Date: October 1st, 2007
The human eye is a complex marvel of biology. Specialized cells take in light, parse it into electrical signals, and transmit them to the part of the brain that reassembles the information into images, motion, color, and depth.
With so many dedicated cells working together in such an intricate system, it is easy to see why the eye is susceptible to disease. Scientists hope that by understanding how that system works and what causes it to fail, we will be able to prevent and treat disorders that rob millions of Americans of their sight.
The doubling of the National Institutes of Health’s budget by Congress, beginning in the late 1990s, has paid off with significant advances in eye research. These findings are leading to new treatments that may be able to prevent vision loss and, in some cases, restore sight to those who have already been affected by disease.
The Cruelty of Age-related Macular Degeneration
As life expectancy increases, degenerative diseases hit older Americans especially hard, often robbing them of their independence and dramatically decreasing their quality of life. Age-related macular degeneration (AMD) is especially cruel and is the leading cause of irreversible vision loss for people over 65.
The retina is the light-sensitive tissue in the back of the eye that receives, processes, and transmits visual information to the brain. With AMD, the light-sensing cells in the macula—the central portion of the retina that allows us to see fine detail—break down.
There are two forms of AMD—“wet” and “dry.” Dry AMD is more common and initially less serious, although it can progress or change to the wet form of the disease. Wet AMD is more serious, progresses more quickly and accounts for about 90 percent of the severe vision loss associated with the disease. Initially, patients with AMD have trouble reading fine print and seeing well in low light. Loss of central vision can occur quickly, causing patients to develop serious vision loss, even becoming legally blind. While at present this disease cannot be prevented, in some cases of wet AMD treatment advances are showing great promise in reducing and even restoring vision loss.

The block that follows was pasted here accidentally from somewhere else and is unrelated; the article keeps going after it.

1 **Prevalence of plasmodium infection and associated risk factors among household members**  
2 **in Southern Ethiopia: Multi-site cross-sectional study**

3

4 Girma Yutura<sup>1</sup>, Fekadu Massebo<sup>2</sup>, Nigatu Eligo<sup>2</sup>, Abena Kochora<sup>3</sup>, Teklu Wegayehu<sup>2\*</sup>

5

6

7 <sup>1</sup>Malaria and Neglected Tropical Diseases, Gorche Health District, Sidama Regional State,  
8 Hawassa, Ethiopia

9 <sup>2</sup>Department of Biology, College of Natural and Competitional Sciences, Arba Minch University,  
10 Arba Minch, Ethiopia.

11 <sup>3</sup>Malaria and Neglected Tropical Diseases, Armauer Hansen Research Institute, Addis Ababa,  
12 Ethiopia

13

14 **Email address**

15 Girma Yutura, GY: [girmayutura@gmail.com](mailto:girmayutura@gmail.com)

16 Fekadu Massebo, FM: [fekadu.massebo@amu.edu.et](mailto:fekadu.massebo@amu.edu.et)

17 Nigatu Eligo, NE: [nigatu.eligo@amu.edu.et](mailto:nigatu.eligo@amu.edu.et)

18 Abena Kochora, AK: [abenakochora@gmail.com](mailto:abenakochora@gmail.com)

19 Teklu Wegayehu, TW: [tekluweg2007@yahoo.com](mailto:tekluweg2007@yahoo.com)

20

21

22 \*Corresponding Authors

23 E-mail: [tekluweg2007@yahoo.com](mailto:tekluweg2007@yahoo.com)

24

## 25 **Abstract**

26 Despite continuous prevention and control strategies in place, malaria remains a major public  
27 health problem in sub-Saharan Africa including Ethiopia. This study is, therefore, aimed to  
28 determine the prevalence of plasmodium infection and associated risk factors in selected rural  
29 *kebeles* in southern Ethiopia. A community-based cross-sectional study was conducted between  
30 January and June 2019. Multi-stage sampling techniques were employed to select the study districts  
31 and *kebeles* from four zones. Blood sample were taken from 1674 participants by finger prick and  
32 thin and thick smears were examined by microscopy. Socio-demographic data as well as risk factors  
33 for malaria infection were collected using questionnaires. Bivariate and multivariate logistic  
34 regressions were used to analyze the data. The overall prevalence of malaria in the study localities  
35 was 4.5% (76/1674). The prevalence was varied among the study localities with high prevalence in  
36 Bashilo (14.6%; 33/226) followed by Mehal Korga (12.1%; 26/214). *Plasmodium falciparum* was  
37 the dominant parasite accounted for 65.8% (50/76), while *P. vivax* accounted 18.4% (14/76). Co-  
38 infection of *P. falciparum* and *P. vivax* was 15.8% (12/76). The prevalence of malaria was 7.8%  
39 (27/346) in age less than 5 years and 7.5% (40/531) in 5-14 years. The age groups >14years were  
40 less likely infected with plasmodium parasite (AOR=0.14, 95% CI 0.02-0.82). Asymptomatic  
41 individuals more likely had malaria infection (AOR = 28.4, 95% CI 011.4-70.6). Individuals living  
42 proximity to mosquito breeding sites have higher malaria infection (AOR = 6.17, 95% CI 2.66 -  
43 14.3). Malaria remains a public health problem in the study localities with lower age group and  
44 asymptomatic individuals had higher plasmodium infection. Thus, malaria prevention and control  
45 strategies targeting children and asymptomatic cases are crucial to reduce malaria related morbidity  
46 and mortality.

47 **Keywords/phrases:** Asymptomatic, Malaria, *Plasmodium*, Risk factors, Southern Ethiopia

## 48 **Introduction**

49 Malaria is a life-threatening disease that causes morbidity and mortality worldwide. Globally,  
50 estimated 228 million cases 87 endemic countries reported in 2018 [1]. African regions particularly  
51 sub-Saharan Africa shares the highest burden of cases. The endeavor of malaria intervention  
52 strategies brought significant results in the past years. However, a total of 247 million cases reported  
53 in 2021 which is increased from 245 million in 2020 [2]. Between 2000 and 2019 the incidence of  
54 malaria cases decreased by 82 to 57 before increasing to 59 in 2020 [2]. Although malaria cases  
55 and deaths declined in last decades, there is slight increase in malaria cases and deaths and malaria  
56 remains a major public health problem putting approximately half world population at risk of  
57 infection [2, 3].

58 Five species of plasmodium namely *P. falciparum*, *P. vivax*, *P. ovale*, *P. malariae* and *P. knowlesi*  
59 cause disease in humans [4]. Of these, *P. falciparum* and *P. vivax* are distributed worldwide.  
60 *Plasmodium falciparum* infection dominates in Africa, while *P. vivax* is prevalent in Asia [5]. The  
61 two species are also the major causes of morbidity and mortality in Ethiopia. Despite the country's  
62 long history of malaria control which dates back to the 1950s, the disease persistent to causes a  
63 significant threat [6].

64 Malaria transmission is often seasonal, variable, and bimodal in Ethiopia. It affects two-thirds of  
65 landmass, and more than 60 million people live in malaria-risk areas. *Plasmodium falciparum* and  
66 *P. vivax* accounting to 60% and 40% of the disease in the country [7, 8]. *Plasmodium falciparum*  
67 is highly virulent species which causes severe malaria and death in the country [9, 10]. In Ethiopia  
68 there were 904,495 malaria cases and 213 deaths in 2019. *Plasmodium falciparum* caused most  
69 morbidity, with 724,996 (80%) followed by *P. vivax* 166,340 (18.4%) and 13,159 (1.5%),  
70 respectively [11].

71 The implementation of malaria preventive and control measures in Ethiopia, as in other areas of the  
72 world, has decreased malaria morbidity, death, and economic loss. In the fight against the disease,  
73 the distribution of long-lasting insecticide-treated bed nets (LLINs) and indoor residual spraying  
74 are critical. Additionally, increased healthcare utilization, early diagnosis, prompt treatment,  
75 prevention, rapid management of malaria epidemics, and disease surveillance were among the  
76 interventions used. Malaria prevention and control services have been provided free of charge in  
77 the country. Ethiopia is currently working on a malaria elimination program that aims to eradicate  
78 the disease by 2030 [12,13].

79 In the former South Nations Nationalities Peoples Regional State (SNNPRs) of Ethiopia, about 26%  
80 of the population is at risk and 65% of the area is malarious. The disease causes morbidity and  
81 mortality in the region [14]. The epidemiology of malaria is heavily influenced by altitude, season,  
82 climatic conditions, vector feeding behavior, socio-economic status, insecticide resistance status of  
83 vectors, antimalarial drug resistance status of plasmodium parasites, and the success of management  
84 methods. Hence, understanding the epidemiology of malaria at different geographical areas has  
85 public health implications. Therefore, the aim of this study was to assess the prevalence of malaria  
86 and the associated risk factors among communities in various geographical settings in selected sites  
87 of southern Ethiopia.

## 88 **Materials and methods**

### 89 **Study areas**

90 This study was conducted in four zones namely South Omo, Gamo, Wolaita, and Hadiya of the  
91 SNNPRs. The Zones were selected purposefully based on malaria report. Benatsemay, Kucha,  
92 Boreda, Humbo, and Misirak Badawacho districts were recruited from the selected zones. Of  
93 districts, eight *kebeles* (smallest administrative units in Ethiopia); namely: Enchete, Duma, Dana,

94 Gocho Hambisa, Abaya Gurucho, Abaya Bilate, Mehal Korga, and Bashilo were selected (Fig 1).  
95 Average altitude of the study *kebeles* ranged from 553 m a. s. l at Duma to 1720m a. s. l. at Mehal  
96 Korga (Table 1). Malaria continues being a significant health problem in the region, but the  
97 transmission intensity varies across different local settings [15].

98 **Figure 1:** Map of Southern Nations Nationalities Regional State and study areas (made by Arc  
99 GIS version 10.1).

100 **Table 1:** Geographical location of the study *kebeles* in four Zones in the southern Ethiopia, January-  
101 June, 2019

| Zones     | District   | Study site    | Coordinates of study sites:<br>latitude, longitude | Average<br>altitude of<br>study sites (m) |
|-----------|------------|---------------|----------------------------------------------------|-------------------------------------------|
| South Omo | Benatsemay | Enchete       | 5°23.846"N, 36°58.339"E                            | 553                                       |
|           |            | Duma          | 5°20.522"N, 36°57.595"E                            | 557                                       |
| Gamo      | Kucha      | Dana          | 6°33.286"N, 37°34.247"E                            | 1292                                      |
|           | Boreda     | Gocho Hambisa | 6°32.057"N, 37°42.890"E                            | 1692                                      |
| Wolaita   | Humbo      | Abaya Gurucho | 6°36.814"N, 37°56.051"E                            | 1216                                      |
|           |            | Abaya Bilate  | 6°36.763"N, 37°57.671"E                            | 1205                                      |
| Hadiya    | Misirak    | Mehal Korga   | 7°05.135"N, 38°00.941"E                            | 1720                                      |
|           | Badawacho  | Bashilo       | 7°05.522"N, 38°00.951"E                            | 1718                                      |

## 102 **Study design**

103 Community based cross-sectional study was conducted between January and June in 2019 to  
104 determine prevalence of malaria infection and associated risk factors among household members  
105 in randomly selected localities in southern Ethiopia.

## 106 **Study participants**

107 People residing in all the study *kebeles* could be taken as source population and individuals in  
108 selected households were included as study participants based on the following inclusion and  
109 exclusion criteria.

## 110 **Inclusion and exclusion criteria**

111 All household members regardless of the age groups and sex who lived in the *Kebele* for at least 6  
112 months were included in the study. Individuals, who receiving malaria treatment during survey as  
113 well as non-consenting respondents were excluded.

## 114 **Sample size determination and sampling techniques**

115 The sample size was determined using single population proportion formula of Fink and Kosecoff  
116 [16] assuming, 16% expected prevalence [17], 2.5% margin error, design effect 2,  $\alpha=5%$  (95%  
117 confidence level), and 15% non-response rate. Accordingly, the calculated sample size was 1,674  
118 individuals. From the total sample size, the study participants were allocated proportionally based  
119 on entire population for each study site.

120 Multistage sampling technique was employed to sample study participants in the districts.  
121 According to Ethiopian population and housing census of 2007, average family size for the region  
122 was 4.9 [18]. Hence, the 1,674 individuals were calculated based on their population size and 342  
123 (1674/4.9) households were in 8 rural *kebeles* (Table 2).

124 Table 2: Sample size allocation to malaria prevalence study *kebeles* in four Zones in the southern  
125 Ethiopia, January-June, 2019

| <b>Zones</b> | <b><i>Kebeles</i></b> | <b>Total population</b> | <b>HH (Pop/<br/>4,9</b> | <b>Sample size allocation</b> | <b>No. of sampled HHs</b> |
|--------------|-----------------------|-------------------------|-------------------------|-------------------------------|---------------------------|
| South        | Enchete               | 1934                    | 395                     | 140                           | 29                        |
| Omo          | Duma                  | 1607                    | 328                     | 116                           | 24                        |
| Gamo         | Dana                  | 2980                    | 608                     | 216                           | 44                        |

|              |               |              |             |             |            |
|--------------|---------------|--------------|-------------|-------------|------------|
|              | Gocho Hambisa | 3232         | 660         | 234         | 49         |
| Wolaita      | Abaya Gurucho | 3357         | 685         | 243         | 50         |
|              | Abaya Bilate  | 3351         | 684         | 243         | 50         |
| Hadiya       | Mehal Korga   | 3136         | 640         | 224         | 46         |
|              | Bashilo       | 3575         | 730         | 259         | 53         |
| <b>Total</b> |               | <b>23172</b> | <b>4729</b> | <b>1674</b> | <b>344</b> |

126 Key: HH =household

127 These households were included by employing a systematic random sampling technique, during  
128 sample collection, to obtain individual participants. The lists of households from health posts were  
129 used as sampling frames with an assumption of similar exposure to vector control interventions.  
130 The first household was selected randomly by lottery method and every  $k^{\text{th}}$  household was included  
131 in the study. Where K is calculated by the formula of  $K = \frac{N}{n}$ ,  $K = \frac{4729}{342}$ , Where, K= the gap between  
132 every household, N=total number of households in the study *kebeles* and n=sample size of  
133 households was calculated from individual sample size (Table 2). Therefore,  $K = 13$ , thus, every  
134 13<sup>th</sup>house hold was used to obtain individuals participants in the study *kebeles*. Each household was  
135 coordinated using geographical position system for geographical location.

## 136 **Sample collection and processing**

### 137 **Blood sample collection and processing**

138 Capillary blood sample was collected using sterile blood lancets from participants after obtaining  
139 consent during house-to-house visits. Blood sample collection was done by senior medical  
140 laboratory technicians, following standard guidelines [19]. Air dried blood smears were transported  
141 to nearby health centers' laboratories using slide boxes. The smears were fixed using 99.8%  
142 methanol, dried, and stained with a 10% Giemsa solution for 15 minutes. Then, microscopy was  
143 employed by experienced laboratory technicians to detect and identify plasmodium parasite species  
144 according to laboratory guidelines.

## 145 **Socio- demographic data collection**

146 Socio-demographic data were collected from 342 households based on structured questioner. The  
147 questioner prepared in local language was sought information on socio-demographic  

Studies supported by the National Eye Institute (NEI), one of the National Institutes of Health, have advanced our understanding of the biology and chemistry underlying this disease. They have evaluated potential risk factors and uncovered genetic variations that may be partially responsible for the development of AMD. And, most importantly, they have helped to develop new therapies to slow the progression of the disease.
Genetic and Environmental Risk Factors
Like many diseases, AMD is thought to result from a combination of genetic and environmental factors. Armed with the right knowledge, those already at risk for a disease due to their genes can take steps to modify their lifestyle and reduce their overall risk.
Four different NEI-supported studies have identified a common variation in a gene that accounts for as many as half of all AMD cases. These variations can lead to chronic inflammation, and subsequent damage to macula cells.
Studies also have confirmed that smoking and hypertension are associated with AMD. Smoking cessation and blood pressure control, especially for those with a family history of the disease, are important ways to reduce risk.
The more serious, wet version of AMD can be treated with laser surgery, photodynamic therapy, and injections into the eye. None of these treatments is a cure for the disease and loss of vision may progress despite treatment. Only a small percentage of patients can be treated with laser surgery and repeated treatments may be necessary. Photodynamic therapy involves injecting a drug into the arm, allowing it to travel to the blood vessels in the eye, and activating it by shining a light into the eye. The drug slows the rate of vision loss, but multiple treatments may be needed.
Some of the most exciting advances in treating AMD have been made with anti-VEGF (vascular endothelial growth factor) therapy. Drugs that block the growth of abnormal blood vessels are injected into the eye. Studies have found that these drugs are able to slow down vision loss, and in some cases even restore some sight. Specifically, studies show that pegaptanib sodium (brand name Macugen) reduced vision loss in 70 percent of clinical trial patients. Another drug, ranibizumab (brand name Lucentis) maintained vision in 95 percent of clinical trial participants and improved vision by 15 or more letters in approximately 25 to 34 percent of trial participants.
Previous studies suggested that people deficient in certain antioxidant vitamins and trace elements may also be at a higher risk for developing AMD. With that in mind, NEI scientists have embarked on two studies looking at the effects of treatment with vitamins and minerals on AMD patients.
As researchers discover more and more about the inner workings of the eye, their efforts could result in more effective treatments for AMD and other debilitating eye diseases. Researchers are hopeful that the knowledge they continue to gain will ultimately allow them to put a stop to vision loss from AMD.
To learn more about age-related macular degeneration, visit these Web sites: